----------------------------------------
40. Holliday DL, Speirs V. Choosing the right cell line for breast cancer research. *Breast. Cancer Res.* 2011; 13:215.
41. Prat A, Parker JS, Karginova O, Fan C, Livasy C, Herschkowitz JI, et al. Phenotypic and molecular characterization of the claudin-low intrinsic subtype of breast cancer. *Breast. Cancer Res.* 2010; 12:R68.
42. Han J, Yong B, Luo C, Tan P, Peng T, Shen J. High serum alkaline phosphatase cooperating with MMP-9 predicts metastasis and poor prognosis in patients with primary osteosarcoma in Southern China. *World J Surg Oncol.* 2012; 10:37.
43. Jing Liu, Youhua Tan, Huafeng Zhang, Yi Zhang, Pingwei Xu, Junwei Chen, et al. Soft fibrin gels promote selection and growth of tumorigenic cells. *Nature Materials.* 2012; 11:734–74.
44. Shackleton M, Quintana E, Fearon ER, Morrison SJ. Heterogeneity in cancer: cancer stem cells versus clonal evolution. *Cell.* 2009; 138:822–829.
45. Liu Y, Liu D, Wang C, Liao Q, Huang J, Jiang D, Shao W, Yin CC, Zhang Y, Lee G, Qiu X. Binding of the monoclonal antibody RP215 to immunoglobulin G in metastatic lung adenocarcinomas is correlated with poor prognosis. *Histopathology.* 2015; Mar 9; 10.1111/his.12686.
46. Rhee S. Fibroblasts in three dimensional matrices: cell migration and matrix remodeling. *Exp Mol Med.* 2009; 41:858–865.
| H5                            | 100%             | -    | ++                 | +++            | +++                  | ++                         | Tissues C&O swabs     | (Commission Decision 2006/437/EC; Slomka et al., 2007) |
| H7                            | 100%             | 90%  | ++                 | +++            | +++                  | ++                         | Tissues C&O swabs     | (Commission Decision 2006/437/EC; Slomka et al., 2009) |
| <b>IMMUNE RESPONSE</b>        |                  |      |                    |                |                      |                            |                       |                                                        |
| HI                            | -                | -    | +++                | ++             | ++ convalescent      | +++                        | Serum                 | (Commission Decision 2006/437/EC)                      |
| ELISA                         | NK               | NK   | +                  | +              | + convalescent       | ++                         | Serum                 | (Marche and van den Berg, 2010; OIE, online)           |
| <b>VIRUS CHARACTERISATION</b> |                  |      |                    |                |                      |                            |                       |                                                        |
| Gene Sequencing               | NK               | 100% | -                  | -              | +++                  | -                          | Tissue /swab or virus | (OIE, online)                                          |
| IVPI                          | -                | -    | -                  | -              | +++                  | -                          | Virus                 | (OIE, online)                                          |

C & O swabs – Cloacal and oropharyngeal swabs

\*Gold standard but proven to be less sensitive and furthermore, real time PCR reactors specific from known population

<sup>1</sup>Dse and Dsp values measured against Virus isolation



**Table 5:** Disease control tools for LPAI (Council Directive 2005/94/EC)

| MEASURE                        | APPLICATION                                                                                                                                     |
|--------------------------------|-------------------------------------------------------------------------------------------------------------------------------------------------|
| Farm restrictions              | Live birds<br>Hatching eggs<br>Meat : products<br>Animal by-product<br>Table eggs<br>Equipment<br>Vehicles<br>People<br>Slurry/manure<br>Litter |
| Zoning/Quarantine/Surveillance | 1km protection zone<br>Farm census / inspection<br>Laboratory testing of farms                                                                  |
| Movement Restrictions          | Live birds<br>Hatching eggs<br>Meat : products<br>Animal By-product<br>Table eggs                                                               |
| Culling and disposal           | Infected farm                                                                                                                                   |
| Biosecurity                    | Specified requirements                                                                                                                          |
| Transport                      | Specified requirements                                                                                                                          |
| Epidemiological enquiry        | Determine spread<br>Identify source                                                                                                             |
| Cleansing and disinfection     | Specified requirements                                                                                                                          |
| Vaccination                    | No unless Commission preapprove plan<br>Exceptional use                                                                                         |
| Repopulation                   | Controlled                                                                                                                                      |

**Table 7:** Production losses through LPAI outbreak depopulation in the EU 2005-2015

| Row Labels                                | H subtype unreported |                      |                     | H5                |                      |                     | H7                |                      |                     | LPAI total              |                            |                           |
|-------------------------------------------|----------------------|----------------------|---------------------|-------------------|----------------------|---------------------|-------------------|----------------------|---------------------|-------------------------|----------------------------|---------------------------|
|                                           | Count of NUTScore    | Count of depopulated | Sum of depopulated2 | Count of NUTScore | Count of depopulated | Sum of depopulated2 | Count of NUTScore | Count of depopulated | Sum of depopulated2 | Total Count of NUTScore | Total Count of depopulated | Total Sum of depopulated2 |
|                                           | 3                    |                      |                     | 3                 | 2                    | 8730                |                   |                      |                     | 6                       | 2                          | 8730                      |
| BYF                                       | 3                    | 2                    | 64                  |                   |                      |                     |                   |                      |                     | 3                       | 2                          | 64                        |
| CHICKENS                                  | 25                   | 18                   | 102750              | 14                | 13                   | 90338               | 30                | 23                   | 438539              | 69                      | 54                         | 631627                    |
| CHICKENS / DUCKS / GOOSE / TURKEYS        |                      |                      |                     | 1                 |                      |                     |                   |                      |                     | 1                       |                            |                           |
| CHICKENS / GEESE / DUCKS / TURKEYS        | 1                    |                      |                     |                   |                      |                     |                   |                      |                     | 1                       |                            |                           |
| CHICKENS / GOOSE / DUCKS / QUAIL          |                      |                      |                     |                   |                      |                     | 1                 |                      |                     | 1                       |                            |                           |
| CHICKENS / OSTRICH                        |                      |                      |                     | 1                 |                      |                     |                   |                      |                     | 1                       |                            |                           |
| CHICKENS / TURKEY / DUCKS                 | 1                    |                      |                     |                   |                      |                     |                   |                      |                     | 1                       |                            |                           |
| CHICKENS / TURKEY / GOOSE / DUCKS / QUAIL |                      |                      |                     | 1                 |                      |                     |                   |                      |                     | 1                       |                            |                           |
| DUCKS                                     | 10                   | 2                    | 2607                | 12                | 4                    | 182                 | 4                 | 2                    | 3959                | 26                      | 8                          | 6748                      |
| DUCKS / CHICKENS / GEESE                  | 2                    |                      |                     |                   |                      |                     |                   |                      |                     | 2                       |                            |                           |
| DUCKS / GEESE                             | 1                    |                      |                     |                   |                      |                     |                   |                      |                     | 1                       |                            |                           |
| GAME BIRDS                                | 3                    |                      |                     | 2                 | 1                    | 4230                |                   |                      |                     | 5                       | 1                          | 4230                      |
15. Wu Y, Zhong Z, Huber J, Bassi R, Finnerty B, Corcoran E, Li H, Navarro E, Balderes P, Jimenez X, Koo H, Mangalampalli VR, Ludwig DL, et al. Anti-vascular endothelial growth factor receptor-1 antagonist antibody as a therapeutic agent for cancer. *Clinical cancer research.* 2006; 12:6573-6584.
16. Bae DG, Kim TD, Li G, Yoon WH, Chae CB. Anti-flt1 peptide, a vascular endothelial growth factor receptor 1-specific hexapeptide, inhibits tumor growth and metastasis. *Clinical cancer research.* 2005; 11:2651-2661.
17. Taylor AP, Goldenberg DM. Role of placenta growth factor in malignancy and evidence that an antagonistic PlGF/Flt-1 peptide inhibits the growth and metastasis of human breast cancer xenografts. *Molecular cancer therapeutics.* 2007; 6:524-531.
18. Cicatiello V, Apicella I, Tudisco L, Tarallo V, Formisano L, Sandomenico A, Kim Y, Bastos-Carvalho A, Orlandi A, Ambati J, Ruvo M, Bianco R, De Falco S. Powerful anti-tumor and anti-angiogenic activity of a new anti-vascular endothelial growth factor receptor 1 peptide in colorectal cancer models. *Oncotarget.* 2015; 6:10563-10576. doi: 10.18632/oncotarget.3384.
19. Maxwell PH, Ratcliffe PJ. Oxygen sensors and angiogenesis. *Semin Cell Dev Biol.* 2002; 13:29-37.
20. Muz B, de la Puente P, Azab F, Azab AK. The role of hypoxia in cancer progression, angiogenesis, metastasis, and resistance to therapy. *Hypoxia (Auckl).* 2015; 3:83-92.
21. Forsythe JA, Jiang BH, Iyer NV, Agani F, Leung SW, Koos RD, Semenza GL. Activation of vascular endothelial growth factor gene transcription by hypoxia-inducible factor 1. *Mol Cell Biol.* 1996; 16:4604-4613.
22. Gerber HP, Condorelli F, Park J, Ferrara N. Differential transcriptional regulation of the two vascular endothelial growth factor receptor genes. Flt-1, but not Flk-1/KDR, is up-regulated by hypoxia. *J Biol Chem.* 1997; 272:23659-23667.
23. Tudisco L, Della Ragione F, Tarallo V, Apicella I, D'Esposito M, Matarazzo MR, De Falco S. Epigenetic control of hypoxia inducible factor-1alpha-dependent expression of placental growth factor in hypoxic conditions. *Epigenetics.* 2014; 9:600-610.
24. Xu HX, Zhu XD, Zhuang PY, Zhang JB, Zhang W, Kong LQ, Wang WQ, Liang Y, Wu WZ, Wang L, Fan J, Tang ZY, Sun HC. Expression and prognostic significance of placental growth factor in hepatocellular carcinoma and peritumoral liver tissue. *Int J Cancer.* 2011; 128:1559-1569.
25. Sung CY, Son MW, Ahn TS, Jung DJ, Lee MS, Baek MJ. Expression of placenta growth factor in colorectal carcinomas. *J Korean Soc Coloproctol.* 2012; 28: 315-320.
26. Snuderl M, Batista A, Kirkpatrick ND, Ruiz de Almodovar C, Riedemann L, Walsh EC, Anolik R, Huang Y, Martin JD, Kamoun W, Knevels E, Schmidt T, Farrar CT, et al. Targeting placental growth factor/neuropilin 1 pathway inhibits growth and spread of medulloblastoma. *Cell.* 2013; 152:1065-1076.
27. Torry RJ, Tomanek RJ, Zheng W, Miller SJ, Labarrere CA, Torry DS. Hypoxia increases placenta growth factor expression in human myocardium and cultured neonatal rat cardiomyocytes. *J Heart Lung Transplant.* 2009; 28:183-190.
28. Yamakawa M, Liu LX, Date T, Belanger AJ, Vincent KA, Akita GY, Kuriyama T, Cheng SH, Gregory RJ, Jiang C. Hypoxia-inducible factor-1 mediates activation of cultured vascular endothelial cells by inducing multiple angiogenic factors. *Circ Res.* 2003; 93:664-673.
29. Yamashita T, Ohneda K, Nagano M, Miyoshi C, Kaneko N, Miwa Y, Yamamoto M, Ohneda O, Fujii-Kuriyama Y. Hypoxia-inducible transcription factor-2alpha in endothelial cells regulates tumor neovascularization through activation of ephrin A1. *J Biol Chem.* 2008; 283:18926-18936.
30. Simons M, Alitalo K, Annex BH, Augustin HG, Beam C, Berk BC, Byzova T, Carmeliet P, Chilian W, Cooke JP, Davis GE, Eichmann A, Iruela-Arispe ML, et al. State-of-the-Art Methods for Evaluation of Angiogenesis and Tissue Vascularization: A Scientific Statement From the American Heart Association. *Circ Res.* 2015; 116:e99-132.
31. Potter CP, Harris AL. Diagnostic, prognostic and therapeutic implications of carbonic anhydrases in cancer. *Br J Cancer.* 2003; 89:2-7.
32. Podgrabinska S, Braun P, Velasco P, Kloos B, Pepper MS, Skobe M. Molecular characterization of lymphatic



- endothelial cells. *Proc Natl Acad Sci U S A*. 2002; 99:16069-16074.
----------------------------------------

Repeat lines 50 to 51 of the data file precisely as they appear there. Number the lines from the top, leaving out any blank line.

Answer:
16. Bae DG, Kim TD, Li G, Yoon WH, Chae CB. Anti-flt1 peptide, a vascular endothelial growth factor receptor 1-specific hexapeptide, inhibits tumor growth and metastasis. *Clinical cancer research.* 2005; 11:2651-2661.
17. Taylor AP, Goldenberg DM. Role of placenta growth factor in malignancy and evidence that an antagonistic PlGF/Flt-1 peptide inhibits the growth and metastasis of human breast cancer xenografts. *Molecular cancer therapeutics.* 2007; 6:524-531.